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How About A Start-Up In A $Trillion Market With No Competition

These days there’s no shortage of opinion regarding the size and role of government.

But one thing everyone can agree on; corruption has no place in any government.

In the USA we are lucky in this regard, but many (usually poor) people in developing countries don’t have that luxury.

I’m not talking about the stupidity of an elected official flying to Argentina on taxpayer’s money to visit his soul-mate. I’m talking about people having to pay local officials just to get business permits, drivers licenses, and even having a sick child be admitted to a hospital.

The World Bank has estimated that $1 Trillion are paid in bribes around the world every year.

But what can be done?

Shaffi Mather is a successful young [Indian] entrepreneur, whose goal is fighting the business of corruption in public service, eliminating it one bribe at a time.

And he plans to do it in a totally capitalistic way. It turns out there is a lot of gross margin to be made when you are operating in a $1 Trillion market.

Click On This Image To Watch Shaffi's TED 12 Minute Talk

You can watch Shaffi describe his idea in a 12 minute talk at the TED Conference in Mysore, India which he delivered last month.

In the lecture he begins by describing 298 for Ambulance a for-profit emergency medical service he founded. It operates on a sliding scale payment system that has revolutionized medical transport in Mumbai and Kerala and it is self funded.

That amazing success lends credibility to his even more exciting anti-corruption idea.

If you are like me you will stand up and applaud at the end of the video.

I guarantee it.

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2 thoughts on “How About A Start-Up In A $Trillion Market With No Competition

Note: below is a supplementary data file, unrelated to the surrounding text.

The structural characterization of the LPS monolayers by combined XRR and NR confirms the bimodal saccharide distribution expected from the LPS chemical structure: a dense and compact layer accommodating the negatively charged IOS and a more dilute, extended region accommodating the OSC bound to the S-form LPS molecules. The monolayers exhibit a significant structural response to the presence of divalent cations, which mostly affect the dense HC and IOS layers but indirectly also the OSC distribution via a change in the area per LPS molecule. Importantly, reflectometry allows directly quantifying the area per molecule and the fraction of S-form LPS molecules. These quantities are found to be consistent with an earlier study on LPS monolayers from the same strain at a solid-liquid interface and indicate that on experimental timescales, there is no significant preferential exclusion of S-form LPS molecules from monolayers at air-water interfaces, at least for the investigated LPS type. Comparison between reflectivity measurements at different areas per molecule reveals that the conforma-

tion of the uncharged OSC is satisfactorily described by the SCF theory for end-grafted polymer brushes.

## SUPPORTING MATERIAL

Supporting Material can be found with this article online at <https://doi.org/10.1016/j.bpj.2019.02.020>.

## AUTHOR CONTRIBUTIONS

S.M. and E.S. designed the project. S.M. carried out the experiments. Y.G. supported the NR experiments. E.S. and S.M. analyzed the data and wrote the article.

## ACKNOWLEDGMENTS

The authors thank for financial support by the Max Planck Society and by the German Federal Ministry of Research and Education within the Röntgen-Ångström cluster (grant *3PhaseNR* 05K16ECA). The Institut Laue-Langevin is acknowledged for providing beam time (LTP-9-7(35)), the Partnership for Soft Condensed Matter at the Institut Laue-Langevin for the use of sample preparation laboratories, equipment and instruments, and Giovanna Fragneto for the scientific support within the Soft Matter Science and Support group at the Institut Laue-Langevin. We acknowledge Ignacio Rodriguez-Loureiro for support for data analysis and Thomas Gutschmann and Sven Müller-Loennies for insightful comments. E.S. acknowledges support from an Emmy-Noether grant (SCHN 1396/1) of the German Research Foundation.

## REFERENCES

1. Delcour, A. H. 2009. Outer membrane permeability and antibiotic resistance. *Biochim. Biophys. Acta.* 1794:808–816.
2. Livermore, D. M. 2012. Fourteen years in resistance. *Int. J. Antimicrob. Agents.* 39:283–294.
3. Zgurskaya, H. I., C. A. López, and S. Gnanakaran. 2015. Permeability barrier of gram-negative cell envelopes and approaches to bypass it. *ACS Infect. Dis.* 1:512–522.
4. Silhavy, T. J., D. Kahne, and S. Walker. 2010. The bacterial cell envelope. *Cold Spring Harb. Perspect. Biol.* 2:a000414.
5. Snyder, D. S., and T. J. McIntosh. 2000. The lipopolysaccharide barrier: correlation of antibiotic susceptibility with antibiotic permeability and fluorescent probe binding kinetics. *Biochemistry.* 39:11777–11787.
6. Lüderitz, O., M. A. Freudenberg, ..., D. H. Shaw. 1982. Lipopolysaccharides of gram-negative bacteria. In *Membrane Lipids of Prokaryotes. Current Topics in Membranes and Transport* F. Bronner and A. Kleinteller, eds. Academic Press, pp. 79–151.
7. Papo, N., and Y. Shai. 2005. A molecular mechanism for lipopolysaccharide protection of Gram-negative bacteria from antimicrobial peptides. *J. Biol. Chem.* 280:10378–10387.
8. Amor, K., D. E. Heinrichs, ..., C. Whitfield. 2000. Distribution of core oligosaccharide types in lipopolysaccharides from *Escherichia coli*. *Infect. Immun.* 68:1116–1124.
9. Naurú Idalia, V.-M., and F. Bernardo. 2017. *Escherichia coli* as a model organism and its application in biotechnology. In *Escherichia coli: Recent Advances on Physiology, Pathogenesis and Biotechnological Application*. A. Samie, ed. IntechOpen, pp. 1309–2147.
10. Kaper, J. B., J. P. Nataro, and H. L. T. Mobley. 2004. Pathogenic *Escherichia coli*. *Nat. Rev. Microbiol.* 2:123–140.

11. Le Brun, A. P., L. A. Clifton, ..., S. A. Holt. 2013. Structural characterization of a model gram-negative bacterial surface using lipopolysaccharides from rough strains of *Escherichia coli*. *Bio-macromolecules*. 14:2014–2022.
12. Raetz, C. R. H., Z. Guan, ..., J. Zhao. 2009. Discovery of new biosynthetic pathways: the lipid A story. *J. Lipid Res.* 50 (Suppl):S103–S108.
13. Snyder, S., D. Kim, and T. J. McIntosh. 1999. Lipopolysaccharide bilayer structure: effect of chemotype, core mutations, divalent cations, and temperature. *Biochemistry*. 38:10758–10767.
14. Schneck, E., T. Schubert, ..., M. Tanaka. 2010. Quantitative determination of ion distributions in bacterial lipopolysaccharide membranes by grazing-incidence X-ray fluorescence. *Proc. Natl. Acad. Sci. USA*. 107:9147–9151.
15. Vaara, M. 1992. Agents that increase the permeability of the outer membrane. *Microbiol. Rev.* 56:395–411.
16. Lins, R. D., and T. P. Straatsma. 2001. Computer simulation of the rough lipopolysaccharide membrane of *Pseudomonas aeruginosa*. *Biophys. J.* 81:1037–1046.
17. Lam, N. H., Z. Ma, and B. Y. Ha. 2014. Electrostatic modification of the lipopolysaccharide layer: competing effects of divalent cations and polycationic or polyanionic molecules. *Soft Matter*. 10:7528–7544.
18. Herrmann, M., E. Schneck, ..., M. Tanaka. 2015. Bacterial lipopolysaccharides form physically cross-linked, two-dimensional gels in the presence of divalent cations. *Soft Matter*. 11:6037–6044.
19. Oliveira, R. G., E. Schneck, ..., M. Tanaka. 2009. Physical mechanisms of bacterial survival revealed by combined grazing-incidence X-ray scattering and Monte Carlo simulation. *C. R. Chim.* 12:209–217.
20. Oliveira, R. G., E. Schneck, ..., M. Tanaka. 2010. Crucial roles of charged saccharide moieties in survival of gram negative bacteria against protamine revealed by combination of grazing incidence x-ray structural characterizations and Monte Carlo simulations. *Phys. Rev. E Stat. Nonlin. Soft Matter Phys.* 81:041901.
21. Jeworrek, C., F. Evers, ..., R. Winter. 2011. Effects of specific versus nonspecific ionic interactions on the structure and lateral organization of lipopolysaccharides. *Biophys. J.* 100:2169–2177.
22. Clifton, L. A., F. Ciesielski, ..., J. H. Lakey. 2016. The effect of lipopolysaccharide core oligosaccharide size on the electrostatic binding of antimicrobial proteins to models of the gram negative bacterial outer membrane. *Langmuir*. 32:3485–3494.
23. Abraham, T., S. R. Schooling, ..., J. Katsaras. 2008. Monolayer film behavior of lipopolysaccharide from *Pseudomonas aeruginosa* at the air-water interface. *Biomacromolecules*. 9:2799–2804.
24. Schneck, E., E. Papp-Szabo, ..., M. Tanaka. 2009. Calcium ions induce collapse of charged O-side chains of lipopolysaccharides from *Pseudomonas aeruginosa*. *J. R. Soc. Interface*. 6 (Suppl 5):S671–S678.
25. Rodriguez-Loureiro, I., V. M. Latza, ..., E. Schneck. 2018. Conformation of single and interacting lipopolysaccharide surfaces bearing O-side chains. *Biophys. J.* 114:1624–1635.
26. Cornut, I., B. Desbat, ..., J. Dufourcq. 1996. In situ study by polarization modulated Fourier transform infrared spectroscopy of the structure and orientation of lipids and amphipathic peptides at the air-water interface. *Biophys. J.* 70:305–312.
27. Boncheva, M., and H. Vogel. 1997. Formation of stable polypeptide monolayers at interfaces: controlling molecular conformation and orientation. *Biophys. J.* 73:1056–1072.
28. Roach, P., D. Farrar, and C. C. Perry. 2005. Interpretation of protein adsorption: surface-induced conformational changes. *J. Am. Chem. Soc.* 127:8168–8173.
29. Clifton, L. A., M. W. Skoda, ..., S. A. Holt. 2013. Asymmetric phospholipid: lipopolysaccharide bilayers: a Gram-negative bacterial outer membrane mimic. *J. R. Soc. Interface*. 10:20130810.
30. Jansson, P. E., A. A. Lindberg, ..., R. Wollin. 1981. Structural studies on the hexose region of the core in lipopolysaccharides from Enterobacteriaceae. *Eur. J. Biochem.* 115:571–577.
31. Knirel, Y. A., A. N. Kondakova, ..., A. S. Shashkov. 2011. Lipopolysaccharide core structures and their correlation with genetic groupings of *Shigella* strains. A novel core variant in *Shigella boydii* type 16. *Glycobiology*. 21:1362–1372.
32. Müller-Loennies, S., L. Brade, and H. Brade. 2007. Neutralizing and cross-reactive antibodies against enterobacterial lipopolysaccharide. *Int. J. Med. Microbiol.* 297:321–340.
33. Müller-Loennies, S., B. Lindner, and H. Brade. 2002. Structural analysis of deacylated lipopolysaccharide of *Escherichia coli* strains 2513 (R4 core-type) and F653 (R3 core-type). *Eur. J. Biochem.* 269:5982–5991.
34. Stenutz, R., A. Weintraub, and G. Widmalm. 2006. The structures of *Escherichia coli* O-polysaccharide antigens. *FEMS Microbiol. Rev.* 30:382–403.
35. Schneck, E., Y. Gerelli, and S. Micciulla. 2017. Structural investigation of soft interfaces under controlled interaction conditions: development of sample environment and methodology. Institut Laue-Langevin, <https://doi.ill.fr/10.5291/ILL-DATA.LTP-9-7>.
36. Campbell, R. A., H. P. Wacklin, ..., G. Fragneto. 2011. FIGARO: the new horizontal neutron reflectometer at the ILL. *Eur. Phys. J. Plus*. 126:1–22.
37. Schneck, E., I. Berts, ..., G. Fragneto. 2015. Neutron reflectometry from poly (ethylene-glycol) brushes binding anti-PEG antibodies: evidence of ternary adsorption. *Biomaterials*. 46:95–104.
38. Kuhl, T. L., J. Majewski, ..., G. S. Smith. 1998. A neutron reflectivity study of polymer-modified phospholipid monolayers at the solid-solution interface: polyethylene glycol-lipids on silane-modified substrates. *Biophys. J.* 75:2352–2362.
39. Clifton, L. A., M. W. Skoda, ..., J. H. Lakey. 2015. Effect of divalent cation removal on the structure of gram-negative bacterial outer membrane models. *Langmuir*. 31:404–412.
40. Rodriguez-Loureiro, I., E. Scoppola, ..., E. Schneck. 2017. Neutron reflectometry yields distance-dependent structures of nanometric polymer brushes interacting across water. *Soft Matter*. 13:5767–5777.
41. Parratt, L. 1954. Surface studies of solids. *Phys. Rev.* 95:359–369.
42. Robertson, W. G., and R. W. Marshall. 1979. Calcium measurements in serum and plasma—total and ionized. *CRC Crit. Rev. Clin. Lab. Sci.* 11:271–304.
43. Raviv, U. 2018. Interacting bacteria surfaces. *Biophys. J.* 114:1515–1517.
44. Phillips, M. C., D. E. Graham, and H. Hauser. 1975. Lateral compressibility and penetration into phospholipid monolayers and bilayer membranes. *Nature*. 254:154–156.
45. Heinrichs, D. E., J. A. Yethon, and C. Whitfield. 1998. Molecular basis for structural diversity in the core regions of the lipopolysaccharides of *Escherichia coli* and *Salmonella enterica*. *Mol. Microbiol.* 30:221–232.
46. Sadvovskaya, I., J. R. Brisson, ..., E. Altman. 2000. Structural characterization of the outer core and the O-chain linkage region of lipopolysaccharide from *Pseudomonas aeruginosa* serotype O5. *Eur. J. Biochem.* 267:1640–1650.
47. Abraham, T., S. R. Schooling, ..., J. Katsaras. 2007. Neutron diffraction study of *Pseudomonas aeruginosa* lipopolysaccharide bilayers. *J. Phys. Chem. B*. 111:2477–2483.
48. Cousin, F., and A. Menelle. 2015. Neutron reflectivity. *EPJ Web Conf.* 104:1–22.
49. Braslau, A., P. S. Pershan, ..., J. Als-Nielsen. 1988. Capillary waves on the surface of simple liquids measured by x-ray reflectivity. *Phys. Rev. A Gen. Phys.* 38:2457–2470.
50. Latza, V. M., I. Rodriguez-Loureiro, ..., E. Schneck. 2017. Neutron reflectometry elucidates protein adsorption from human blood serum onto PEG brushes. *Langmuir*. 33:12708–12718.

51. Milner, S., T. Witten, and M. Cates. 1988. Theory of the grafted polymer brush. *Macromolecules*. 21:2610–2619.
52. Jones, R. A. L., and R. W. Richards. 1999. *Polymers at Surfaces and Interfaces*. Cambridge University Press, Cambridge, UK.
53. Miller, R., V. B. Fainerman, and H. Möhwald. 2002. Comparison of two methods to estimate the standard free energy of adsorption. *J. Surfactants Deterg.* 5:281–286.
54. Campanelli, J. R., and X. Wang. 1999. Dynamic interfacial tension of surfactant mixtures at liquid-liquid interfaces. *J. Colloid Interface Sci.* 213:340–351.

1. I don’t think I fell asleep in the middle … but did he really explain what his “new way” is?

    Posted by Breck | January 10, 2010, 10:42 pm
    • Breck,

      He talked generally, but didn’t get into great detail.

      Conceptually he starts from the premise that the actual costs in legal fees and hourly fees for someone who knows their way around the system to fix a problem is less than the cost of the bribe. They ‘tested’ this with about 40 specific examples and along with gathering costs ‘proved’ that virtually every case was fixable either by pressure on the bribe-taker or using existing legal channels.

      The next step would be to ‘train’ up an army of people who know their way around the system well enough to do what his highly trained people did in the test. It sounded like he could franchise mini-businesses who would train people and once they got familiar with the typical bribe situation could deal with it quite easily. I’m guessing a lot of the solution is data sharing of ways to fix what are probably very typical bribe situations. If you are being asked for a bribe you don’t have time to figure out how to get around the guy issuing the building permit. But if, on the other hand, you are in a centralized office and have done a few of these already, you have the knowledge of the system at your fingertips to solve the problem quite quickly.

      He even suggested an 800 number that you dial to get help. I’m optimistic in thinking that once they get off the ground if you are standing in front of an official who asks for a bribe and you dial your mobile right there and hand it over for the official to talk to your ‘expert’ who picked up your call in the central office of the bribe-busters, the problem might be resolved immediately…but I’ve always been an optimist.

      That was my take on it.


      Posted by Bob Gelber | January 11, 2010, 10:56 am

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